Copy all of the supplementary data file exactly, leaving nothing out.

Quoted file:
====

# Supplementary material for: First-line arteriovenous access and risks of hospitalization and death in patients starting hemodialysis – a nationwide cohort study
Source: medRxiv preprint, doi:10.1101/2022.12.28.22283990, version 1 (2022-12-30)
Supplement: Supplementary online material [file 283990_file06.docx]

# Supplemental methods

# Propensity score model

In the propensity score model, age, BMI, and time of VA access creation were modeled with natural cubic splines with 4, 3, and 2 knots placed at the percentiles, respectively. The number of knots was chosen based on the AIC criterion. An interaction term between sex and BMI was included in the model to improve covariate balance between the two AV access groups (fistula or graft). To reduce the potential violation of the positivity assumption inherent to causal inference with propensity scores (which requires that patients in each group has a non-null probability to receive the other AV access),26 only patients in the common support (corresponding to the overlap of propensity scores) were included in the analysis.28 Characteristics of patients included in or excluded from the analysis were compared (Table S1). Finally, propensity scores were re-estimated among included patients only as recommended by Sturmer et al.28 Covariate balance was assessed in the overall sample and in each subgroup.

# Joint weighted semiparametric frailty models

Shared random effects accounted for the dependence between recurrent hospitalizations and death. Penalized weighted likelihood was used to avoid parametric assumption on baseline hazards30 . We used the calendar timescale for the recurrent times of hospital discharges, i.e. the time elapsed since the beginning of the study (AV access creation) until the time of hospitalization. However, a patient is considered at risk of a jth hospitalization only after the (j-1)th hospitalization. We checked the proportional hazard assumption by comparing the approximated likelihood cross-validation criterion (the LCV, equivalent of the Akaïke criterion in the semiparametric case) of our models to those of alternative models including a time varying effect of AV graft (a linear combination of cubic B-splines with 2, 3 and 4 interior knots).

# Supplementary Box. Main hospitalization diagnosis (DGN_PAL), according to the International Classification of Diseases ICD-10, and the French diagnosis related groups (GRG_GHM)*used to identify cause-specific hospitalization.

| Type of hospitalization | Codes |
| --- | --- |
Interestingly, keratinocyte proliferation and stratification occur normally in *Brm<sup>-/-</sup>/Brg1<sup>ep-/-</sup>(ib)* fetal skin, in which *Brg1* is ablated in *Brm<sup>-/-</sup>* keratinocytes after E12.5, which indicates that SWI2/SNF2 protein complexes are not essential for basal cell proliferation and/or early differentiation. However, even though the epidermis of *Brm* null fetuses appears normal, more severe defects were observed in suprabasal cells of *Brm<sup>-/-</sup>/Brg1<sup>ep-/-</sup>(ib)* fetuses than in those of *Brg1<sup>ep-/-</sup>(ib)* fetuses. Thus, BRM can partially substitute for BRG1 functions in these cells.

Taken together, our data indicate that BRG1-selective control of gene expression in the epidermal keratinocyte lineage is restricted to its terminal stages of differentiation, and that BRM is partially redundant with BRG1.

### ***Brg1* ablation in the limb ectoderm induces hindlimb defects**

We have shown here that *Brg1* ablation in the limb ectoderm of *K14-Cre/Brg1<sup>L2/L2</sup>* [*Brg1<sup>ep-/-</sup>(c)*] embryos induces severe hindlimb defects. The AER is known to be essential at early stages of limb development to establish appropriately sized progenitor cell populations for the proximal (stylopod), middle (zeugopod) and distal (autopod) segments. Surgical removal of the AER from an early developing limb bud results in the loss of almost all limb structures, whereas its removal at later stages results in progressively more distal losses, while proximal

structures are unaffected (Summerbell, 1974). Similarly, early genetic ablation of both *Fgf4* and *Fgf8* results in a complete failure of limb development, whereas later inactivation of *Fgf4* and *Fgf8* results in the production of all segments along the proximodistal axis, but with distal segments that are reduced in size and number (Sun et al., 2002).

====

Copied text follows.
# Supplementary material for: First-line arteriovenous access and risks of hospitalization and death in patients starting hemodialysis – a nationwide cohort study
Source: medRxiv preprint, doi:10.1101/2022.12.28.22283990, version 1 (2022-12-30)
Supplement: Supplementary online material [file 283990_file06.docx]

# Supplemental methods

# Propensity score model

In the propensity score model, age, BMI, and time of VA access creation were modeled with natural cubic splines with 4, 3, and 2 knots placed at the percentiles, respectively. The number of knots was chosen based on the AIC criterion. An interaction term between sex and BMI was included in the model to improve covariate balance between the two AV access groups (fistula or graft). To reduce the potential violation of the positivity assumption inherent to causal inference with propensity scores (which requires that patients in each group has a non-null probability to receive the other AV access),26 only patients in the common support (corresponding to the overlap of propensity scores) were included in the analysis.28 Characteristics of patients included in or excluded from the analysis were compared (Table S1). Finally, propensity scores were re-estimated among included patients only as recommended by Sturmer et al.28 Covariate balance was assessed in the overall sample and in each subgroup.

# Joint weighted semiparametric frailty models

Shared random effects accounted for the dependence between recurrent hospitalizations and death. Penalized weighted likelihood was used to avoid parametric assumption on baseline hazards30 . We used the calendar timescale for the recurrent times of hospital discharges, i.e. the time elapsed since the beginning of the study (AV access creation) until the time of hospitalization. However, a patient is considered at risk of a jth hospitalization only after the (j-1)th hospitalization. We checked the proportional hazard assumption by comparing the approximated likelihood cross-validation criterion (the LCV, equivalent of the Akaïke criterion in the semiparametric case) of our models to those of alternative models including a time varying effect of AV graft (a linear combination of cubic B-splines with 2, 3 and 4 interior knots).

# Supplementary Box. Main hospitalization diagnosis (DGN_PAL), according to the International Classification of Diseases ICD-10, and the French diagnosis related groups (GRG_GHM)*used to identify cause-specific hospitalization.

| Type of hospitalization | Codes |
| --- | --- |
Interestingly, keratinocyte proliferation and stratification occur normally in *Brm<sup>-/-</sup>/Brg1<sup>ep-/-</sup>(ib)* fetal skin, in which *Brg1* is ablated in *Brm<sup>-/-</sup>* keratinocytes after E12.5, which indicates that SWI2/SNF2 protein complexes are not essential for basal cell proliferation and/or early differentiation. However, even though the epidermis of *Brm* null fetuses appears normal, more severe defects were observed in suprabasal cells of *Brm<sup>-/-</sup>/Brg1<sup>ep-/-</sup>(ib)* fetuses than in those of *Brg1<sup>ep-/-</sup>(ib)* fetuses. Thus, BRM can partially substitute for BRG1 functions in these cells.

Taken together, our data indicate that BRG1-selective control of gene expression in the epidermal keratinocyte lineage is restricted to its terminal stages of differentiation, and that BRM is partially redundant with BRG1.

### ***Brg1* ablation in the limb ectoderm induces hindlimb defects**

We have shown here that *Brg1* ablation in the limb ectoderm of *K14-Cre/Brg1<sup>L2/L2</sup>* [*Brg1<sup>ep-/-</sup>(c)*] embryos induces severe hindlimb defects. The AER is known to be essential at early stages of limb development to establish appropriately sized progenitor cell populations for the proximal (stylopod), middle (zeugopod) and distal (autopod) segments. Surgical removal of the AER from an early developing limb bud results in the loss of almost all limb structures, whereas its removal at later stages results in progressively more distal losses, while proximal

structures are unaffected (Summerbell, 1974). Similarly, early genetic ablation of both *Fgf4* and *Fgf8* results in a complete failure of limb development, whereas later inactivation of *Fgf4* and *Fgf8* results in the production of all segments along the proximodistal axis, but with distal segments that are reduced in size and number (Sun et al., 2002).